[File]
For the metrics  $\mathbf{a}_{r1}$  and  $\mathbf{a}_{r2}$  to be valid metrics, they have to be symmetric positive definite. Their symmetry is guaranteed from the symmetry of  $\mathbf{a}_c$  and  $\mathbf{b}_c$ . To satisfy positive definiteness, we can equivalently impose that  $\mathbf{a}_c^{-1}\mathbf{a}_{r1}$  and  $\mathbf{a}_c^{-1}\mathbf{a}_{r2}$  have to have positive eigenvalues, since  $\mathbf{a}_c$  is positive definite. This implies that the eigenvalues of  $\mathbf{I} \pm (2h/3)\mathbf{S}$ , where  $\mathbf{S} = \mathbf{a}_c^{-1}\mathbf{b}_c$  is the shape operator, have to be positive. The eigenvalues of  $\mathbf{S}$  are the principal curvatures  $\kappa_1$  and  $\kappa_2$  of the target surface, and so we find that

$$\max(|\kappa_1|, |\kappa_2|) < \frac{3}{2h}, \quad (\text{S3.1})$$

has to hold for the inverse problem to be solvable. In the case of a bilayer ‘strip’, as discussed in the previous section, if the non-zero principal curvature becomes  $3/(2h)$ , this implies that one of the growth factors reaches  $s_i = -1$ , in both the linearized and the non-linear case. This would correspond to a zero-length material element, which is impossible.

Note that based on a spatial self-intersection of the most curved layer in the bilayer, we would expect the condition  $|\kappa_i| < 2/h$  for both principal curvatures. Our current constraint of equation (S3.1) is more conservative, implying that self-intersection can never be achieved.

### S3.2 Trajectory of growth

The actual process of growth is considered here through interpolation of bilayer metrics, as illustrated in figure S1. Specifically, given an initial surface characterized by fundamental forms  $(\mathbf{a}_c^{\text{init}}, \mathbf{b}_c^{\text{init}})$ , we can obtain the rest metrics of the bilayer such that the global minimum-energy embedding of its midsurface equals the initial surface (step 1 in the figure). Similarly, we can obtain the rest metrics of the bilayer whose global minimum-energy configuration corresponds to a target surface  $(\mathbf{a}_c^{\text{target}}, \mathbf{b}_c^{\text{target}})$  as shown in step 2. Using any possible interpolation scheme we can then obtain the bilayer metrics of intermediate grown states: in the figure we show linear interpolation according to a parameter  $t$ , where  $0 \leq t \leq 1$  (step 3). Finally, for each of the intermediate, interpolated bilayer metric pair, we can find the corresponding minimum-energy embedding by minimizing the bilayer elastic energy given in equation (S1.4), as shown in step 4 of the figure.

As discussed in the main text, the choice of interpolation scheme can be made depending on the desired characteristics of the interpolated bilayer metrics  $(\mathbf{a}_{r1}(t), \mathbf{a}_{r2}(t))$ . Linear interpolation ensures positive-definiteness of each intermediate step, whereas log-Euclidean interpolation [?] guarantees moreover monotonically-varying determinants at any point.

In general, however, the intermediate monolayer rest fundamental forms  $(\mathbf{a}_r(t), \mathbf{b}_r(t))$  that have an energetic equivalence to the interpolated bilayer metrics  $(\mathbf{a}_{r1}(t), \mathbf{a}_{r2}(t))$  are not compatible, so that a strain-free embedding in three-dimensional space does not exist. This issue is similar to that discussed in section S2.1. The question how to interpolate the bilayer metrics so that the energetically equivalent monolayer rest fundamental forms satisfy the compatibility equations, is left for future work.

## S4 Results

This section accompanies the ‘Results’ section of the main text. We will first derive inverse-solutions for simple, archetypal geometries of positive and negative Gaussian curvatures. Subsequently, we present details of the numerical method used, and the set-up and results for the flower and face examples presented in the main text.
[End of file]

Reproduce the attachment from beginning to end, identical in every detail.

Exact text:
For the metrics  $\mathbf{a}_{r1}$  and  $\mathbf{a}_{r2}$  to be valid metrics, they have to be symmetric positive definite. Their symmetry is guaranteed from the symmetry of  $\mathbf{a}_c$  and  $\mathbf{b}_c$ . To satisfy positive definiteness, we can equivalently impose that  $\mathbf{a}_c^{-1}\mathbf{a}_{r1}$  and  $\mathbf{a}_c^{-1}\mathbf{a}_{r2}$  have to have positive eigenvalues, since  $\mathbf{a}_c$  is positive definite. This implies that the eigenvalues of  $\mathbf{I} \pm (2h/3)\mathbf{S}$ , where  $\mathbf{S} = \mathbf{a}_c^{-1}\mathbf{b}_c$  is the shape operator, have to be positive. The eigenvalues of  $\mathbf{S}$  are the principal curvatures  $\kappa_1$  and  $\kappa_2$  of the target surface, and so we find that

$$\max(|\kappa_1|, |\kappa_2|) < \frac{3}{2h}, \quad (\text{S3.1})$$

has to hold for the inverse problem to be solvable. In the case of a bilayer ‘strip’, as discussed in the previous section, if the non-zero principal curvature becomes  $3/(2h)$ , this implies that one of the growth factors reaches  $s_i = -1$ , in both the linearized and the non-linear case. This would correspond to a zero-length material element, which is impossible.

Note that based on a spatial self-intersection of the most curved layer in the bilayer, we would expect the condition  $|\kappa_i| < 2/h$  for both principal curvatures. Our current constraint of equation (S3.1) is more conservative, implying that self-intersection can never be achieved.

### S3.2 Trajectory of growth

The actual process of growth is considered here through interpolation of bilayer metrics, as illustrated in figure S1. Specifically, given an initial surface characterized by fundamental forms  $(\mathbf{a}_c^{\text{init}}, \mathbf{b}_c^{\text{init}})$ , we can obtain the rest metrics of the bilayer such that the global minimum-energy embedding of its midsurface equals the initial surface (step 1 in the figure). Similarly, we can obtain the rest metrics of the bilayer whose global minimum-energy configuration corresponds to a target surface  $(\mathbf{a}_c^{\text{target}}, \mathbf{b}_c^{\text{target}})$  as shown in step 2. Using any possible interpolation scheme we can then obtain the bilayer metrics of intermediate grown states: in the figure we show linear interpolation according to a parameter  $t$ , where  $0 \leq t \leq 1$  (step 3). Finally, for each of the intermediate, interpolated bilayer metric pair, we can find the corresponding minimum-energy embedding by minimizing the bilayer elastic energy given in equation (S1.4), as shown in step 4 of the figure.

As discussed in the main text, the choice of interpolation scheme can be made depending on the desired characteristics of the interpolated bilayer metrics  $(\mathbf{a}_{r1}(t), \mathbf{a}_{r2}(t))$ . Linear interpolation ensures positive-definiteness of each intermediate step, whereas log-Euclidean interpolation [?] guarantees moreover monotonically-varying determinants at any point.

In general, however, the intermediate monolayer rest fundamental forms  $(\mathbf{a}_r(t), \mathbf{b}_r(t))$  that have an energetic equivalence to the interpolated bilayer metrics  $(\mathbf{a}_{r1}(t), \mathbf{a}_{r2}(t))$  are not compatible, so that a strain-free embedding in three-dimensional space does not exist. This issue is similar to that discussed in section S2.1. The question how to interpolate the bilayer metrics so that the energetically equivalent monolayer rest fundamental forms satisfy the compatibility equations, is left for future work.

## S4 Results

This section accompanies the ‘Results’ section of the main text. We will first derive inverse-solutions for simple, archetypal geometries of positive and negative Gaussian curvatures. Subsequently, we present details of the numerical method used, and the set-up and results for the flower and face examples presented in the main text.